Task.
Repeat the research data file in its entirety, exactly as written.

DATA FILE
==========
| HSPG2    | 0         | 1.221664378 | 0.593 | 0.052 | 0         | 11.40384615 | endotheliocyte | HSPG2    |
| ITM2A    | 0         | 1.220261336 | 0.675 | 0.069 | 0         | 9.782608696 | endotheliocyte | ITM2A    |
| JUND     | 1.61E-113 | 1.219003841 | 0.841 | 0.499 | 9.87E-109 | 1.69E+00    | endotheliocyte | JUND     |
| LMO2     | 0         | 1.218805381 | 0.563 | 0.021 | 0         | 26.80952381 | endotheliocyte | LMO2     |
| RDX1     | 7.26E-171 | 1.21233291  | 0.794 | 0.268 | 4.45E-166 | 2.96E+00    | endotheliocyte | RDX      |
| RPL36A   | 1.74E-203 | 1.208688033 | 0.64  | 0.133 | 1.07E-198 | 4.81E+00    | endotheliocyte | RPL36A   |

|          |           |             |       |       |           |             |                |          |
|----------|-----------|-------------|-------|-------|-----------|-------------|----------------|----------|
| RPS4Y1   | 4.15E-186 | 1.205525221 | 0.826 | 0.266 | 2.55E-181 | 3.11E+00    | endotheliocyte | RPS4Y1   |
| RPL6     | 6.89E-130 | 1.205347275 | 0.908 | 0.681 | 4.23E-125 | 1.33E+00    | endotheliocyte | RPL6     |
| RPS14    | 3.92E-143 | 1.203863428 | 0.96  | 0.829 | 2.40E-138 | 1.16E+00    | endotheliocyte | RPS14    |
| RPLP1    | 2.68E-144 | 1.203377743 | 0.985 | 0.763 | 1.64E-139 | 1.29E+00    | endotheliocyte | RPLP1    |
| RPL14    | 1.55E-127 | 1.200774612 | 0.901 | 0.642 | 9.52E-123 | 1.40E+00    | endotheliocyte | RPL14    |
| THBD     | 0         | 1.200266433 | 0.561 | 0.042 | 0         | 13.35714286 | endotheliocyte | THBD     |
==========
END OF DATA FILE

| HSPG2    | 0         | 1.221664378 | 0.593 | 0.052 | 0         | 11.40384615 | endotheliocyte | HSPG2    |
| ITM2A    | 0         | 1.220261336 | 0.675 | 0.069 | 0         | 9.782608696 | endotheliocyte | ITM2A    |
| JUND     | 1.61E-113 | 1.219003841 | 0.841 | 0.499 | 9.87E-109 | 1.69E+00    | endotheliocyte | JUND     |
| LMO2     | 0         | 1.218805381 | 0.563 | 0.021 | 0         | 26.80952381 | endotheliocyte | LMO2     |
| RDX1     | 7.26E-171 | 1.21233291  | 0.794 | 0.268 | 4.45E-166 | 2.96E+00    | endotheliocyte | RDX      |
| RPL36A   | 1.74E-203 | 1.208688033 | 0.64  | 0.133 | 1.07E-198 | 4.81E+00    | endotheliocyte | RPL36A   |

|          |           |             |       |       |           |             |                |          |
|----------|-----------|-------------|-------|-------|-----------|-------------|----------------|----------|
| RPS4Y1   | 4.15E-186 | 1.205525221 | 0.826 | 0.266 | 2.55E-181 | 3.11E+00    | endotheliocyte | RPS4Y1   |
| RPL6     | 6.89E-130 | 1.205347275 | 0.908 | 0.681 | 4.23E-125 | 1.33E+00    | endotheliocyte | RPL6     |
| RPS14    | 3.92E-143 | 1.203863428 | 0.96  | 0.829 | 2.40E-138 | 1.16E+00    | endotheliocyte | RPS14    |
| RPLP1    | 2.68E-144 | 1.203377743 | 0.985 | 0.763 | 1.64E-139 | 1.29E+00    | endotheliocyte | RPLP1    |
| RPL14    | 1.55E-127 | 1.200774612 | 0.901 | 0.642 | 9.52E-123 | 1.40E+00    | endotheliocyte | RPL14    |
| THBD     | 0         | 1.200266433 | 0.561 | 0.042 | 0         | 13.35714286 | endotheliocyte | THBD     |